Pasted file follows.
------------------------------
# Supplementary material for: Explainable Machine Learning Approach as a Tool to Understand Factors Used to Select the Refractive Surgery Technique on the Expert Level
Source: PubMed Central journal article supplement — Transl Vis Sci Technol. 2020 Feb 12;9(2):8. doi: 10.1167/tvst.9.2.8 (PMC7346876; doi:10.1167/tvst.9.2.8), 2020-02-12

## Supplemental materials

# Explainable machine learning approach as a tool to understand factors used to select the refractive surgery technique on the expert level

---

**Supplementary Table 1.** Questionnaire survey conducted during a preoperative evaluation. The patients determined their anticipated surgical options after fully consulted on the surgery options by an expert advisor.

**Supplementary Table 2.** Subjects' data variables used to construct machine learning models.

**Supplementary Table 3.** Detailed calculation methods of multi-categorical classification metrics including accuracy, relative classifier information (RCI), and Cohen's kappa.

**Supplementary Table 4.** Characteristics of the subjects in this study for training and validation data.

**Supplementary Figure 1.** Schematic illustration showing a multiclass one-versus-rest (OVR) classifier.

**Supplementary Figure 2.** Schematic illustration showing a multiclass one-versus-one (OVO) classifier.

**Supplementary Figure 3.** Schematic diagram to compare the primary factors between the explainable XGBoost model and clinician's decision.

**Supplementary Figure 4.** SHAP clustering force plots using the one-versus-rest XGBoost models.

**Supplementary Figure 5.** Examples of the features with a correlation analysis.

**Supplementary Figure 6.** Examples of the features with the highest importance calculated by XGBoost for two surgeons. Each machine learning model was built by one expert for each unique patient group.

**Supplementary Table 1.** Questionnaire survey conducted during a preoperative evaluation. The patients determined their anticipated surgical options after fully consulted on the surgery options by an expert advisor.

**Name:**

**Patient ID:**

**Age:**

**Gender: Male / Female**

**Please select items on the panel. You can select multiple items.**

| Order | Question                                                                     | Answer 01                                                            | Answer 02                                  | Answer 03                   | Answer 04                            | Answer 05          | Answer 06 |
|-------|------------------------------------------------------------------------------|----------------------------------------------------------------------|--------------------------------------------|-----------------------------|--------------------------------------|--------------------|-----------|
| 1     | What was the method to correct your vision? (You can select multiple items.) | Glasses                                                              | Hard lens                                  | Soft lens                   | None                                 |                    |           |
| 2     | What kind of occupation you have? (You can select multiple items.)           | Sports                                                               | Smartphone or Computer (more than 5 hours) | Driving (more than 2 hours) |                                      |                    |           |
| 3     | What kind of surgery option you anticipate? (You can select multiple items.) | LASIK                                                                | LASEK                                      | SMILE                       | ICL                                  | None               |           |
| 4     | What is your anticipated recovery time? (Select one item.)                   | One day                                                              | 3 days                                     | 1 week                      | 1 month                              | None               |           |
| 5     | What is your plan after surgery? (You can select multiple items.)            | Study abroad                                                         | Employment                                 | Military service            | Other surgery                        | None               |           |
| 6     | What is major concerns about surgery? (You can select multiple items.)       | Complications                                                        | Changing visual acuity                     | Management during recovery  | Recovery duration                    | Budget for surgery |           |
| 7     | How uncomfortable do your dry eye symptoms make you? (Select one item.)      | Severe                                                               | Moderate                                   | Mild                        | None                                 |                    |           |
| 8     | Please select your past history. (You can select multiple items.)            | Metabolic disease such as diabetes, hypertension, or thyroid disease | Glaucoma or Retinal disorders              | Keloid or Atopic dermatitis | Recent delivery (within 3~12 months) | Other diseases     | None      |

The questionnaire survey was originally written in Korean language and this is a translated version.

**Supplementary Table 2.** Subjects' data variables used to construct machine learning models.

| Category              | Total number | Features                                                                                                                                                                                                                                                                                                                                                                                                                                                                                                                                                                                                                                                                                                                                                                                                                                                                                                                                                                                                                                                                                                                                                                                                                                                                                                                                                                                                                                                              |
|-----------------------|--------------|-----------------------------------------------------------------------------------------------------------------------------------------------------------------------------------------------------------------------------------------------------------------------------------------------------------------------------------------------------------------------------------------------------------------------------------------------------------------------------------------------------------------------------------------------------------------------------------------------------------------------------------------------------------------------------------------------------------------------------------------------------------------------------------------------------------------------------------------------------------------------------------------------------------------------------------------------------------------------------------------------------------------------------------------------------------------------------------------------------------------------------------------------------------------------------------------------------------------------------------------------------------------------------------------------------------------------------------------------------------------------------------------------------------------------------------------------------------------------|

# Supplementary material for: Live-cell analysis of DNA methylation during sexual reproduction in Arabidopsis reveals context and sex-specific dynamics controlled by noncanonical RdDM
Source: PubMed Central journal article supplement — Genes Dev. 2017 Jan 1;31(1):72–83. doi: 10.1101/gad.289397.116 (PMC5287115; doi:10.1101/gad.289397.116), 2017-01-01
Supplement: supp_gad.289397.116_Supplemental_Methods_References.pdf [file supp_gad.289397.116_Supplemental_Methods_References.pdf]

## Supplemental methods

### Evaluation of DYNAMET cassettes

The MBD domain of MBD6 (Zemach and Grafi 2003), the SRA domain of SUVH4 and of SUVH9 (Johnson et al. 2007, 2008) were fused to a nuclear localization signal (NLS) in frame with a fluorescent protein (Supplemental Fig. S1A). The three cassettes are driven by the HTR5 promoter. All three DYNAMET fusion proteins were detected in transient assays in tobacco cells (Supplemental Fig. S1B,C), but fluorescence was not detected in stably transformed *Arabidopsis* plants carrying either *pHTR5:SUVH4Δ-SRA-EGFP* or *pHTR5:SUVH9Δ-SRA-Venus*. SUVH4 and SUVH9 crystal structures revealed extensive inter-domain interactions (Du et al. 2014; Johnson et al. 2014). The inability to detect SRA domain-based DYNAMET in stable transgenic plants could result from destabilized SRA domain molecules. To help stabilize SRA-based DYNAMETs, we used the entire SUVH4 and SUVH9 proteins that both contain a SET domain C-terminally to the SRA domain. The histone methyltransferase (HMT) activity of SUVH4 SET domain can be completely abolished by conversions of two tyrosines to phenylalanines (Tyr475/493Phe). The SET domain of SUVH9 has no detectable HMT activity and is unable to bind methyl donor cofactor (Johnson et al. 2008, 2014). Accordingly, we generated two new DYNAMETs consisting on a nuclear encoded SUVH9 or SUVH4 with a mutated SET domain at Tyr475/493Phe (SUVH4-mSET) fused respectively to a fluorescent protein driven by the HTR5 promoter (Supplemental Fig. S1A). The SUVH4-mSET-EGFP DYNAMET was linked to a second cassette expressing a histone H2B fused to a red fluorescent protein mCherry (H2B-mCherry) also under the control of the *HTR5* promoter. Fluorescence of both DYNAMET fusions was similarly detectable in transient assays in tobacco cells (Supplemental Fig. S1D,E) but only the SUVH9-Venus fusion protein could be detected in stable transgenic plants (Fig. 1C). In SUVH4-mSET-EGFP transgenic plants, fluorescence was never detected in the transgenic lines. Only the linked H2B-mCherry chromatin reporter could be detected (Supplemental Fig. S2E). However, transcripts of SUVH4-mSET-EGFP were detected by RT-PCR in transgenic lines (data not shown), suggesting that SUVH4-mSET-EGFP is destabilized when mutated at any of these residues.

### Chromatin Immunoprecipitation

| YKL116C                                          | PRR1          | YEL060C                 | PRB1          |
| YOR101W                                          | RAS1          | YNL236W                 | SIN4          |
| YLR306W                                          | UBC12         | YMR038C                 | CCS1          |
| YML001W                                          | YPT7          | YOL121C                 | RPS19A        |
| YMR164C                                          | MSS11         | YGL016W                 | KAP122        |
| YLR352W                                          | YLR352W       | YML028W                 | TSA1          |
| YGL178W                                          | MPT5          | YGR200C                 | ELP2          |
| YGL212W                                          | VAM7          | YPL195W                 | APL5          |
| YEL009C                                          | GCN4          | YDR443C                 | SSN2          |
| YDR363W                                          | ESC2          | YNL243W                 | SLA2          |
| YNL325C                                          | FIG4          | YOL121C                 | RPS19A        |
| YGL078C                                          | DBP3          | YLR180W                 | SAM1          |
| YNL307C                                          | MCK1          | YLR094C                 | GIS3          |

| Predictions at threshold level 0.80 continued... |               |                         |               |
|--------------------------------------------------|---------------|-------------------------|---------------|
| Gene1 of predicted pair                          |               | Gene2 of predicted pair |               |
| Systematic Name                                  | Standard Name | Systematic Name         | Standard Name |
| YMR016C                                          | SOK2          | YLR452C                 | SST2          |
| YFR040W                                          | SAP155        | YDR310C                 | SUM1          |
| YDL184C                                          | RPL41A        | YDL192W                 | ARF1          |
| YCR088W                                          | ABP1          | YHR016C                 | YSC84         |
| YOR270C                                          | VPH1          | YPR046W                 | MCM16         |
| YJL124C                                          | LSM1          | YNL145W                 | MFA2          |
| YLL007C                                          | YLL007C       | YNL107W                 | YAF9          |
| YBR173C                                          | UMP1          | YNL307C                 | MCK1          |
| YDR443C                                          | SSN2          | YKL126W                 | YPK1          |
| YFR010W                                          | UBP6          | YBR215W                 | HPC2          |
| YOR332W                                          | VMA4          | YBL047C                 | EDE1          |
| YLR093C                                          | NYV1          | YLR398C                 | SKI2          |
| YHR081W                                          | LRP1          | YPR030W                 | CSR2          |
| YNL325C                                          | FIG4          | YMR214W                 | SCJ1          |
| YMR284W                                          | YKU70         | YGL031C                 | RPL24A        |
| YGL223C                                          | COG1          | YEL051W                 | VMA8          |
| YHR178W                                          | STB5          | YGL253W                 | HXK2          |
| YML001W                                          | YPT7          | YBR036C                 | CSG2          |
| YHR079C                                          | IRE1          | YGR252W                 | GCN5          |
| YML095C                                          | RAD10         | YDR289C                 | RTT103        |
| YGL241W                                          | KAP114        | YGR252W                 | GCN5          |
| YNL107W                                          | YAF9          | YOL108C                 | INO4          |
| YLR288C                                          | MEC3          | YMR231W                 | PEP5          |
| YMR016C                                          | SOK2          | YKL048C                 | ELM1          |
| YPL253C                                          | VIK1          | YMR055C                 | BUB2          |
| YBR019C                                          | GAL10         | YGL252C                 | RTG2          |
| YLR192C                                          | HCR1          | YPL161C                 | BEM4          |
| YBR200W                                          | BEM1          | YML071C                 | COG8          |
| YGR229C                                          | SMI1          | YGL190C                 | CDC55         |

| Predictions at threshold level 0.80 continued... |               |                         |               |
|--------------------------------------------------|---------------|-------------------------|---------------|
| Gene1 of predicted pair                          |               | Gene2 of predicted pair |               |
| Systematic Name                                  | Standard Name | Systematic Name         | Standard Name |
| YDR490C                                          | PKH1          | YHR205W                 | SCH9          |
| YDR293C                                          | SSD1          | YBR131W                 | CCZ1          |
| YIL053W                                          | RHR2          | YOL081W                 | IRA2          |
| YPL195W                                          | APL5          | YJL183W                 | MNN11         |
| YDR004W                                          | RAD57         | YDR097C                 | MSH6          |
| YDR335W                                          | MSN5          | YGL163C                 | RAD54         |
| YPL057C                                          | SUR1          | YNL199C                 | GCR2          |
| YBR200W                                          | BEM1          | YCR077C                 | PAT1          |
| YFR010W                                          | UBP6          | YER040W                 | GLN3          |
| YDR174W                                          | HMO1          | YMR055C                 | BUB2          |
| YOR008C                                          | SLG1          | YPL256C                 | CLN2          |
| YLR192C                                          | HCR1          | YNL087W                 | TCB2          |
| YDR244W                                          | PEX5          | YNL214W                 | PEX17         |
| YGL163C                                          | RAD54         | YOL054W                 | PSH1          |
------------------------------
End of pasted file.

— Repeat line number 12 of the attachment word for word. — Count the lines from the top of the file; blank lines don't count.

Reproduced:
**Supplementary Figure 3.** Schematic diagram to compare the primary factors between the explainable XGBoost model and clinician's decision.